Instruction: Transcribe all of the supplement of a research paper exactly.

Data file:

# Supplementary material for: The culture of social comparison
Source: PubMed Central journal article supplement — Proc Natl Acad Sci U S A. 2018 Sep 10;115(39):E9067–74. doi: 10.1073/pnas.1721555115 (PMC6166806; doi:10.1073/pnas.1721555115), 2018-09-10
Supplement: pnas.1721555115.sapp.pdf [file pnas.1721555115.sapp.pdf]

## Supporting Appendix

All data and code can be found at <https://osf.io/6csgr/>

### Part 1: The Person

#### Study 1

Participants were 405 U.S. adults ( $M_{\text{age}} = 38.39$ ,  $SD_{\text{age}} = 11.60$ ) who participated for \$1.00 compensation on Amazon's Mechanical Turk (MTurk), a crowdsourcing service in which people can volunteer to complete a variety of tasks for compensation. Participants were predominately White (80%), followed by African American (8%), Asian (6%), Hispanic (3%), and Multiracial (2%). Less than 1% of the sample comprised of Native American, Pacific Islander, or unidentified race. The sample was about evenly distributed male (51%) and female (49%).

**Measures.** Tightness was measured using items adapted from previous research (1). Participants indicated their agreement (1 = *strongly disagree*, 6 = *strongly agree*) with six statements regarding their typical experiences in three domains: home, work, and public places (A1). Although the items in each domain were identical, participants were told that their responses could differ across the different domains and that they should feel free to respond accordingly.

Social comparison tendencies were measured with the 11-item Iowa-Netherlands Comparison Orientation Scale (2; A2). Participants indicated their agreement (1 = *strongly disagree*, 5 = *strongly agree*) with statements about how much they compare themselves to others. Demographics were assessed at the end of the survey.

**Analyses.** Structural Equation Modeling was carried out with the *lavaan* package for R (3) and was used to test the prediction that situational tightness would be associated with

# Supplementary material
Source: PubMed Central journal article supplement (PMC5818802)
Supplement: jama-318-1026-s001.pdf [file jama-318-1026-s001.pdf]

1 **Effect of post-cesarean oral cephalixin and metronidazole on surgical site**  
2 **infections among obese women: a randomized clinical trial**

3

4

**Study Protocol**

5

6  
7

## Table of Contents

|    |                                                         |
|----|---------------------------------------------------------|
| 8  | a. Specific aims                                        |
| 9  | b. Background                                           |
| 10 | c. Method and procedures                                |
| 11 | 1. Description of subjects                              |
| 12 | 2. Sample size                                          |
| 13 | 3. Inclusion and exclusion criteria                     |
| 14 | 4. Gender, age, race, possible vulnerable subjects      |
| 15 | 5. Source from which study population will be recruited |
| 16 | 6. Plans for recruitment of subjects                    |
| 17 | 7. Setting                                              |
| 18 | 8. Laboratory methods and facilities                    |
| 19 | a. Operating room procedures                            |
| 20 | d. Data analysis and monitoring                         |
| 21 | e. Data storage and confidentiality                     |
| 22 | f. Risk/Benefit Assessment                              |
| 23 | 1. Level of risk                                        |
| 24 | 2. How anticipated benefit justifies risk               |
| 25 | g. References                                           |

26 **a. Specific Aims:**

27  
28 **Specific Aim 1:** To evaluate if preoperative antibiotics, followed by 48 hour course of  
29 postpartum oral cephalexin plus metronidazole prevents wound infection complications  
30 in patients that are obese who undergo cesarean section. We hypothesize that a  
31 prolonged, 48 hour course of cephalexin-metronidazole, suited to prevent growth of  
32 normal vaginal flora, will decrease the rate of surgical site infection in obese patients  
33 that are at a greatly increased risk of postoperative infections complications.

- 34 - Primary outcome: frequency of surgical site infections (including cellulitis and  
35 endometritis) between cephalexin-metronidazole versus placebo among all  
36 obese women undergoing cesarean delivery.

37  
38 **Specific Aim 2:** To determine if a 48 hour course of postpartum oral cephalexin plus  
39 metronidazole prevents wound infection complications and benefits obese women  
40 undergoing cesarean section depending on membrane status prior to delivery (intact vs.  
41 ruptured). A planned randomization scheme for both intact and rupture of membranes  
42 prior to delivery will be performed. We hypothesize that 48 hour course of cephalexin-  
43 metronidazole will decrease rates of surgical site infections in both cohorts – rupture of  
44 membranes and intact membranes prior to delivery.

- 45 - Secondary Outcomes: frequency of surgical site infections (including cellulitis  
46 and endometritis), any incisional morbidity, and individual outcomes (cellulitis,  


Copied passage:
# Supplementary material for: The culture of social comparison
Source: PubMed Central journal article supplement — Proc Natl Acad Sci U S A. 2018 Sep 10;115(39):E9067–74. doi: 10.1073/pnas.1721555115 (PMC6166806; doi:10.1073/pnas.1721555115), 2018-09-10
Supplement: pnas.1721555115.sapp.pdf [file pnas.1721555115.sapp.pdf]

## Supporting Appendix

All data and code can be found at <https://osf.io/6csgr/>

### Part 1: The Person

#### Study 1

Participants were 405 U.S. adults ( $M_{\text{age}} = 38.39$ ,  $SD_{\text{age}} = 11.60$ ) who participated for \$1.00 compensation on Amazon's Mechanical Turk (MTurk), a crowdsourcing service in which people can volunteer to complete a variety of tasks for compensation. Participants were predominately White (80%), followed by African American (8%), Asian (6%), Hispanic (3%), and Multiracial (2%). Less than 1% of the sample comprised of Native American, Pacific Islander, or unidentified race. The sample was about evenly distributed male (51%) and female (49%).

**Measures.** Tightness was measured using items adapted from previous research (1). Participants indicated their agreement (1 = *strongly disagree*, 6 = *strongly agree*) with six statements regarding their typical experiences in three domains: home, work, and public places (A1). Although the items in each domain were identical, participants were told that their responses could differ across the different domains and that they should feel free to respond accordingly.

Social comparison tendencies were measured with the 11-item Iowa-Netherlands Comparison Orientation Scale (2; A2). Participants indicated their agreement (1 = *strongly disagree*, 5 = *strongly agree*) with statements about how much they compare themselves to others. Demographics were assessed at the end of the survey.

**Analyses.** Structural Equation Modeling was carried out with the *lavaan* package for R (3) and was used to test the prediction that situational tightness would be associated with

# Supplementary material
Source: PubMed Central journal article supplement (PMC5818802)
Supplement: jama-318-1026-s001.pdf [file jama-318-1026-s001.pdf]

1 **Effect of post-cesarean oral cephalixin and metronidazole on surgical site**  
2 **infections among obese women: a randomized clinical trial**

3

4

**Study Protocol**

5

6  
7

## Table of Contents

|    |                                                         |
|----|---------------------------------------------------------|
| 8  | a. Specific aims                                        |
| 9  | b. Background                                           |
| 10 | c. Method and procedures                                |
| 11 | 1. Description of subjects                              |
| 12 | 2. Sample size                                          |
| 13 | 3. Inclusion and exclusion criteria                     |
| 14 | 4. Gender, age, race, possible vulnerable subjects      |
| 15 | 5. Source from which study population will be recruited |
| 16 | 6. Plans for recruitment of subjects                    |
| 17 | 7. Setting                                              |
| 18 | 8. Laboratory methods and facilities                    |
| 19 | a. Operating room procedures                            |
| 20 | d. Data analysis and monitoring                         |
| 21 | e. Data storage and confidentiality                     |
| 22 | f. Risk/Benefit Assessment                              |
| 23 | 1. Level of risk                                        |
| 24 | 2. How anticipated benefit justifies risk               |
| 25 | g. References                                           |

26 **a. Specific Aims:**

27  
28 **Specific Aim 1:** To evaluate if preoperative antibiotics, followed by 48 hour course of  
29 postpartum oral cephalexin plus metronidazole prevents wound infection complications  
30 in patients that are obese who undergo cesarean section. We hypothesize that a  
31 prolonged, 48 hour course of cephalexin-metronidazole, suited to prevent growth of  
32 normal vaginal flora, will decrease the rate of surgical site infection in obese patients  
33 that are at a greatly increased risk of postoperative infections complications.

- 34 - Primary outcome: frequency of surgical site infections (including cellulitis and  
35 endometritis) between cephalexin-metronidazole versus placebo among all  
36 obese women undergoing cesarean delivery.

37  
38 **Specific Aim 2:** To determine if a 48 hour course of postpartum oral cephalexin plus  
39 metronidazole prevents wound infection complications and benefits obese women  
40 undergoing cesarean section depending on membrane status prior to delivery (intact vs.  
41 ruptured). A planned randomization scheme for both intact and rupture of membranes  
42 prior to delivery will be performed. We hypothesize that 48 hour course of cephalexin-  
43 metronidazole will decrease rates of surgical site infections in both cohorts – rupture of  
44 membranes and intact membranes prior to delivery.

- 45 - Secondary Outcomes: frequency of surgical site infections (including cellulitis  
46 and endometritis), any incisional morbidity, and individual outcomes (cellulitis,  